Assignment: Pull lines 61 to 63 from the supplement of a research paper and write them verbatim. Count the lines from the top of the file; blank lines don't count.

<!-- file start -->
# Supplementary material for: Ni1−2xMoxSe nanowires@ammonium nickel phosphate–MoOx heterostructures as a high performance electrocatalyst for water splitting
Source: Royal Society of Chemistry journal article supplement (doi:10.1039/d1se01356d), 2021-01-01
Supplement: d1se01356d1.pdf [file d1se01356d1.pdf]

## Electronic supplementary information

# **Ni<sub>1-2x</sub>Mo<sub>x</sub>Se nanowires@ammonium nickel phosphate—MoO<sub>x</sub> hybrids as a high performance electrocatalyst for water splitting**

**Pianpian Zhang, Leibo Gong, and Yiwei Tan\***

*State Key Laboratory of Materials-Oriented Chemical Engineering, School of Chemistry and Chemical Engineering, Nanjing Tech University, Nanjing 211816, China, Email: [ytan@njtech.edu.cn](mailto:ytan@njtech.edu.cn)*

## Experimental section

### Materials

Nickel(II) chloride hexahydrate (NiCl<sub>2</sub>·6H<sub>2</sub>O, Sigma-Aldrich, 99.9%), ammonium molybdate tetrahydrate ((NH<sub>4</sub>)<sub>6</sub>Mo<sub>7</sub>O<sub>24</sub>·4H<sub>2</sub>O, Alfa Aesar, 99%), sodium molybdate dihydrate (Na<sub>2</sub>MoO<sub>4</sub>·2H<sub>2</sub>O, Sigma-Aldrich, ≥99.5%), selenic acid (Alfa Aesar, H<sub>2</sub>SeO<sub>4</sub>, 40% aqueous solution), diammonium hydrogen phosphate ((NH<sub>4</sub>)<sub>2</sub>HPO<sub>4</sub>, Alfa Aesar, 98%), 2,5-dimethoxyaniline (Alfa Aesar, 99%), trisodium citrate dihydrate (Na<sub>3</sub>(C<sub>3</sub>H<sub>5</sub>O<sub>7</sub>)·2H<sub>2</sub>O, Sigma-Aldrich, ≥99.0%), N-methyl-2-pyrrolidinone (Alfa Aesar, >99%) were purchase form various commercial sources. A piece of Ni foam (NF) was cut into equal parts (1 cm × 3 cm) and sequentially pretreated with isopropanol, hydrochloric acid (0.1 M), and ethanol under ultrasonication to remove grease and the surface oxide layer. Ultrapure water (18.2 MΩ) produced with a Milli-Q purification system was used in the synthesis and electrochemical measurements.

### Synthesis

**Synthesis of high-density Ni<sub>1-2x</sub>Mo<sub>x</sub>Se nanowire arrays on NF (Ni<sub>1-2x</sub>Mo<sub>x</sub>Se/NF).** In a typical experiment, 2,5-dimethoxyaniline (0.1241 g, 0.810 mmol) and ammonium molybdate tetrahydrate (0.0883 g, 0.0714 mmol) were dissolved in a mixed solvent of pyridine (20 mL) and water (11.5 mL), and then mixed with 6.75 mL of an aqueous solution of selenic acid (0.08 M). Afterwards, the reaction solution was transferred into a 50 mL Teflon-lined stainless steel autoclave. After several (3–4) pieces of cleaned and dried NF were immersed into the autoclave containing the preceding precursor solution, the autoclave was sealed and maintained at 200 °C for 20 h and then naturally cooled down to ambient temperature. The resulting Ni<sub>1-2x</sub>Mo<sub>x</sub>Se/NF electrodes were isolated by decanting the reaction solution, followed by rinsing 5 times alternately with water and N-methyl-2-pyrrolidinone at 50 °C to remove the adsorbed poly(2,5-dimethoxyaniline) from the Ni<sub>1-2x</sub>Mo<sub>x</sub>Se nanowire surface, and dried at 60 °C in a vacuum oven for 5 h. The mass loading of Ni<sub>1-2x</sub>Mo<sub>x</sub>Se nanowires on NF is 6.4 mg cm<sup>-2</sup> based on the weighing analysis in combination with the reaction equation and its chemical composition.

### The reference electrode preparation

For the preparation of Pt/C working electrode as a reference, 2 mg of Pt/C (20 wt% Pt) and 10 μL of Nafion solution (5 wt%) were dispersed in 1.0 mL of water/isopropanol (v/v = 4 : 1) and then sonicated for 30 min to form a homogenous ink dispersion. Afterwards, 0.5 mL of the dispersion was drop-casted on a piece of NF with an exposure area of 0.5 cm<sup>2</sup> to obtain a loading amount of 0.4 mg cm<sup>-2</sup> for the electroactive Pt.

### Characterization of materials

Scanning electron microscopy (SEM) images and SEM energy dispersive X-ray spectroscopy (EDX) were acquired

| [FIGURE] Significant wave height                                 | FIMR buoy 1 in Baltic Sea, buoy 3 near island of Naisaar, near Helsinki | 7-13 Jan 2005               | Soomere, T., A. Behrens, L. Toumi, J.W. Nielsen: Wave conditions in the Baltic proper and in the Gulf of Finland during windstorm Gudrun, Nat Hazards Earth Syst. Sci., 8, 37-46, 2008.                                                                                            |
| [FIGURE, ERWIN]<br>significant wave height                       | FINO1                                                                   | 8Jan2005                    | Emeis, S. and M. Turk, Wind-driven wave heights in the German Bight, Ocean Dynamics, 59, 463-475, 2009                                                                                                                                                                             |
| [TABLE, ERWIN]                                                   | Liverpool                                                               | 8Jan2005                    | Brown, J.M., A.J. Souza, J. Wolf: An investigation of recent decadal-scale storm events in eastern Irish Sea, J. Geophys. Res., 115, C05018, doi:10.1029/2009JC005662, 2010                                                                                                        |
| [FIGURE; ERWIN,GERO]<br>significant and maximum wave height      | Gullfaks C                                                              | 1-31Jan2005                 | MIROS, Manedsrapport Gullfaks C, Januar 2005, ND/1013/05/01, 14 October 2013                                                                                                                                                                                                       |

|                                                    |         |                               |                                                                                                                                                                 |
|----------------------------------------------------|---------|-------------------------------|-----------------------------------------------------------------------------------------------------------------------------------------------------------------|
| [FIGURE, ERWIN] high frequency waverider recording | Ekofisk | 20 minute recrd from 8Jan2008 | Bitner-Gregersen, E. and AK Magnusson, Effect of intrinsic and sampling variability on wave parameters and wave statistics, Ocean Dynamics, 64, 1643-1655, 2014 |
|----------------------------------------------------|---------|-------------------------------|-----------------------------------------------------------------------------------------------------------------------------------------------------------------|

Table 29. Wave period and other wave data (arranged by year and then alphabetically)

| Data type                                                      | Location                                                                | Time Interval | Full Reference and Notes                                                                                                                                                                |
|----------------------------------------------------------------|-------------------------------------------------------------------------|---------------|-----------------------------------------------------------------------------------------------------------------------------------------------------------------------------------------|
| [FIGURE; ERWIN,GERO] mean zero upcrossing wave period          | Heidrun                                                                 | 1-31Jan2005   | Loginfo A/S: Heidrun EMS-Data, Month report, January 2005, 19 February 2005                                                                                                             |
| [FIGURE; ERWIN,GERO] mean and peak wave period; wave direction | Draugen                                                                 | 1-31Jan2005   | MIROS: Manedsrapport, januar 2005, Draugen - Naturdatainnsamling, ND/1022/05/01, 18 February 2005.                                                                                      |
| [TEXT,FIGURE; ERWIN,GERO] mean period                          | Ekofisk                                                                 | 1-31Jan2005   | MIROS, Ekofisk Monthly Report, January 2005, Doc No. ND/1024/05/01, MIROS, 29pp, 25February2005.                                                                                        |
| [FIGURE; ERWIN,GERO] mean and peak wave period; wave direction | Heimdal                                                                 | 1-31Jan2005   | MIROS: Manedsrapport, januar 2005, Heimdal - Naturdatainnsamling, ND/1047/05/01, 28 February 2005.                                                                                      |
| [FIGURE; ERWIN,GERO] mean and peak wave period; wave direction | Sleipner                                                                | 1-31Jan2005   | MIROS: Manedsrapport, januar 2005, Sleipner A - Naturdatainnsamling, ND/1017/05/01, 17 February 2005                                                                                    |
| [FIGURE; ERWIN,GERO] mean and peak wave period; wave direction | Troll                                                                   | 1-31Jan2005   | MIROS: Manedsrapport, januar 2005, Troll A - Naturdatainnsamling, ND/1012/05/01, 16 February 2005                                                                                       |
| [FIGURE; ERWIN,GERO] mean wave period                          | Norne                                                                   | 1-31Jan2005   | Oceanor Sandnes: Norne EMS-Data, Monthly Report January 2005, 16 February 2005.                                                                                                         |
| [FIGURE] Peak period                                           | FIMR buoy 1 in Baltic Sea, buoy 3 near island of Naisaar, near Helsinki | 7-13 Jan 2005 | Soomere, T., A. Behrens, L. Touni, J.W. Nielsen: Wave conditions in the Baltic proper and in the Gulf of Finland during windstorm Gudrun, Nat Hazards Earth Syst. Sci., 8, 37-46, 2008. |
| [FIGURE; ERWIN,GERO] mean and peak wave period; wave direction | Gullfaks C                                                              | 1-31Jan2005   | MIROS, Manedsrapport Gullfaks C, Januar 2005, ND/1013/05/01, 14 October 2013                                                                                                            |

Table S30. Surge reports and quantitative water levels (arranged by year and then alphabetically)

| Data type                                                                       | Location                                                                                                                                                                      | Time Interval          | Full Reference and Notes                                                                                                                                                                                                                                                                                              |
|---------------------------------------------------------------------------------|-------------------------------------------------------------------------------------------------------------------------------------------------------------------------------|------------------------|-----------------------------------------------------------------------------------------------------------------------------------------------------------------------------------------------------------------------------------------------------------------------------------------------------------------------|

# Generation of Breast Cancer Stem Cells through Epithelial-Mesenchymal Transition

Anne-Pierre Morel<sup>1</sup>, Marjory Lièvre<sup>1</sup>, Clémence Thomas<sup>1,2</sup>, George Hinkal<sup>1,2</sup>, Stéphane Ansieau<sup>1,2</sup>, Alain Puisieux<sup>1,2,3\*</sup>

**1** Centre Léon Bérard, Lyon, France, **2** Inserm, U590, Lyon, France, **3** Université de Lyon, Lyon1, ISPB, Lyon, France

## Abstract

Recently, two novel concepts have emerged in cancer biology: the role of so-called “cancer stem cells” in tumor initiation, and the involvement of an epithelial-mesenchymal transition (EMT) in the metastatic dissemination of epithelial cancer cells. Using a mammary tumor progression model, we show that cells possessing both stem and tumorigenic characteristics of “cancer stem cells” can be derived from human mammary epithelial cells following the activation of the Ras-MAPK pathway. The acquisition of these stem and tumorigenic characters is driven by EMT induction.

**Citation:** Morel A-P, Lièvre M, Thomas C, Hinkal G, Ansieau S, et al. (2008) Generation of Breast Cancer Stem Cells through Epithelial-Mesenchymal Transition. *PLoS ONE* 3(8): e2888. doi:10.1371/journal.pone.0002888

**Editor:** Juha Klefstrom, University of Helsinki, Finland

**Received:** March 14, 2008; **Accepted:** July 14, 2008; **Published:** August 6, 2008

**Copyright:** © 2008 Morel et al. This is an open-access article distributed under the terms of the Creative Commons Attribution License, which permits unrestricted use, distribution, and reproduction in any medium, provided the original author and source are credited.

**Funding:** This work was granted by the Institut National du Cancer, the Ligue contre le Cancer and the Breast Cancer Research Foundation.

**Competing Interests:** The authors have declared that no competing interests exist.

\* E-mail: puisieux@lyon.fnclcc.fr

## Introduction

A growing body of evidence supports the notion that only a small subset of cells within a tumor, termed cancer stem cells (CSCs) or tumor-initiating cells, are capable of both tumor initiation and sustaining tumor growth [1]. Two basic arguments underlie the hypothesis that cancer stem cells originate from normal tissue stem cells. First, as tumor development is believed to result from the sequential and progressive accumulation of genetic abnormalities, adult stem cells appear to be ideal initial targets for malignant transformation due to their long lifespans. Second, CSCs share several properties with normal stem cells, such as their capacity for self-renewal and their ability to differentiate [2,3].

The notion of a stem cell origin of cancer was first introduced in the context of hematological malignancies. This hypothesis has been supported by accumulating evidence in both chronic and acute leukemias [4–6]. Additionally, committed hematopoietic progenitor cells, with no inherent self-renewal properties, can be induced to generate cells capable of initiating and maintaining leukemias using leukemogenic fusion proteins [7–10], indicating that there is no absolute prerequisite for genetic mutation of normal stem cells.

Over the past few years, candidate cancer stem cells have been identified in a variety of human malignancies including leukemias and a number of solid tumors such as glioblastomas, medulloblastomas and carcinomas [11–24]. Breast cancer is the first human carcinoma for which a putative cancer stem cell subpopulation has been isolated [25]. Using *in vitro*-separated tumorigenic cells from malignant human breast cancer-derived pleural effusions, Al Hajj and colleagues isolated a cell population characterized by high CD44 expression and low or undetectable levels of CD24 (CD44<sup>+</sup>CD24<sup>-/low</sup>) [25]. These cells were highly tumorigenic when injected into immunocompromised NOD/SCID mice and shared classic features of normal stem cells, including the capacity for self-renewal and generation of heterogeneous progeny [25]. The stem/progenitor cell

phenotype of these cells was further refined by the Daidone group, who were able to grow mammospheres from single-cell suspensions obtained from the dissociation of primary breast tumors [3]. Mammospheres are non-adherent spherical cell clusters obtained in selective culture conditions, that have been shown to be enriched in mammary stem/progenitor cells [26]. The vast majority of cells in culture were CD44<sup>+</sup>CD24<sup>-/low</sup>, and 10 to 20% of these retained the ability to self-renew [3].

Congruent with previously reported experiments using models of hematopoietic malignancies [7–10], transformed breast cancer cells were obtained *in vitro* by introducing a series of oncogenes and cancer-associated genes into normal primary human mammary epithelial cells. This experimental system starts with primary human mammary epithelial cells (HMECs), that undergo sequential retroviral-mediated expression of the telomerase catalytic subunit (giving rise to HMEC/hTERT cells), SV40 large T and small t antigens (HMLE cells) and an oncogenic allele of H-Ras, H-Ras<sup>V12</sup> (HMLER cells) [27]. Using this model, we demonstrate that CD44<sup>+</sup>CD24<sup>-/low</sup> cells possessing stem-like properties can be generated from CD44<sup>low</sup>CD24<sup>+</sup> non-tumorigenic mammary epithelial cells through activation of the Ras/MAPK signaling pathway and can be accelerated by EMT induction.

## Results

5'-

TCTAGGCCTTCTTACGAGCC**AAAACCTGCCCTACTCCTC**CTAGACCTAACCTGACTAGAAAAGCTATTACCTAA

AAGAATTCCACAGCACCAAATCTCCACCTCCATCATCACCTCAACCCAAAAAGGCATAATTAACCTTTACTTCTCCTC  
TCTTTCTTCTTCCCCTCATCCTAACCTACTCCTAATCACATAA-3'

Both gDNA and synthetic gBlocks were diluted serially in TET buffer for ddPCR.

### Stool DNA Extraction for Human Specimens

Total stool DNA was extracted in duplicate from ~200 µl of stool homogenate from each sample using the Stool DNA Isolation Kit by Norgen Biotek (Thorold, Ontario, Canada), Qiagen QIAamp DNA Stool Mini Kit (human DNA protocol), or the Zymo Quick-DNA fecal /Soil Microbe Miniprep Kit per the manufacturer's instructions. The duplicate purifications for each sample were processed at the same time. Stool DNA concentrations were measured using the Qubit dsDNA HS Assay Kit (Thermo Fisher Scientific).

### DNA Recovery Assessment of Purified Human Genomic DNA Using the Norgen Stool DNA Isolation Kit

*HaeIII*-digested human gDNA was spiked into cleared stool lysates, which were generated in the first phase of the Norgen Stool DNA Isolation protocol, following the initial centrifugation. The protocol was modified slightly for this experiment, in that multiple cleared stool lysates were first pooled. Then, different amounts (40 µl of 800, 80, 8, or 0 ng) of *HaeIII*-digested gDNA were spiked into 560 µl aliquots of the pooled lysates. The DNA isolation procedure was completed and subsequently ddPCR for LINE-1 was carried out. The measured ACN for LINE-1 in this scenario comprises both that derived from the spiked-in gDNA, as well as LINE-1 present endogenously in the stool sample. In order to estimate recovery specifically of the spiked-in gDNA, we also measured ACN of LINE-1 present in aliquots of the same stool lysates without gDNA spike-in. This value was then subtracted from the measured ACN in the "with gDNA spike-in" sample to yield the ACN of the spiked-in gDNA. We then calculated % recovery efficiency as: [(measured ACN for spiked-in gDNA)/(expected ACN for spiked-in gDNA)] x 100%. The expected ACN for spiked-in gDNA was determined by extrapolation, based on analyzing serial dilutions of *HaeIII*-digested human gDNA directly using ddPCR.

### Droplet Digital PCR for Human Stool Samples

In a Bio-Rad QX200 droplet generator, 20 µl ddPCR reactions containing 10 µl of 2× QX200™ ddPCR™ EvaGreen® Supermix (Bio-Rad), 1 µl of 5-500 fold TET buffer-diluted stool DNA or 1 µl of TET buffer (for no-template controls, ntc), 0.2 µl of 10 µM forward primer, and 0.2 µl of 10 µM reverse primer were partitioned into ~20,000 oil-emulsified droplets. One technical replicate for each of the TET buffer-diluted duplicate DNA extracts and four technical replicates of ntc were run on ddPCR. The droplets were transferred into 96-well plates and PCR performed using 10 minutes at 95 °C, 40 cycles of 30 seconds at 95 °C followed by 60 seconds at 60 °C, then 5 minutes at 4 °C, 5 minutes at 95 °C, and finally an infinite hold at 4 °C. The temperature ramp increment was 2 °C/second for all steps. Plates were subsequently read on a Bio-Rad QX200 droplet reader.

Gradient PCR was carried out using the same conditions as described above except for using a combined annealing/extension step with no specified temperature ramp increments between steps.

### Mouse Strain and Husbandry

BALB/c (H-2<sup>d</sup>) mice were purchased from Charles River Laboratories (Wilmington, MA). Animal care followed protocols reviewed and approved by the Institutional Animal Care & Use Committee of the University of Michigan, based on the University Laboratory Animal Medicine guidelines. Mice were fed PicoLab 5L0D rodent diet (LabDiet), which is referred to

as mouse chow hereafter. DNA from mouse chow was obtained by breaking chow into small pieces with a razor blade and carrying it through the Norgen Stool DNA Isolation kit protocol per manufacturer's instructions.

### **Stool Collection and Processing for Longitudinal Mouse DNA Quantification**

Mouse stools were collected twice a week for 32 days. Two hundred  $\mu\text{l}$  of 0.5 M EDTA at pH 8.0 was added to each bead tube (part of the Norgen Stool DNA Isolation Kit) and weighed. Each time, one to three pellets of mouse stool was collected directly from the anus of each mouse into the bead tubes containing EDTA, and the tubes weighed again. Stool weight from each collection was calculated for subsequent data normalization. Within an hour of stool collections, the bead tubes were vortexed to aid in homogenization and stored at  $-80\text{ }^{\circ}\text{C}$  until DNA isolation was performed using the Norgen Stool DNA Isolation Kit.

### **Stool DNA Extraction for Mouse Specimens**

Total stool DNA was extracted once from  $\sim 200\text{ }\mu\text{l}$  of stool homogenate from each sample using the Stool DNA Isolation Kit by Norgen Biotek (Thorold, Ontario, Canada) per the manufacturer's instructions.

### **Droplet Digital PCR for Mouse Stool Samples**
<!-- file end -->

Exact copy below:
AAGAATTCCACAGCACCAAATCTCCACCTCCATCATCACCTCAACCCAAAAAGGCATAATTAACCTTTACTTCTCCTC  
TCTTTCTTCTTCCCCTCATCCTAACCTACTCCTAATCACATAA-3'

Both gDNA and synthetic gBlocks were diluted serially in TET buffer for ddPCR.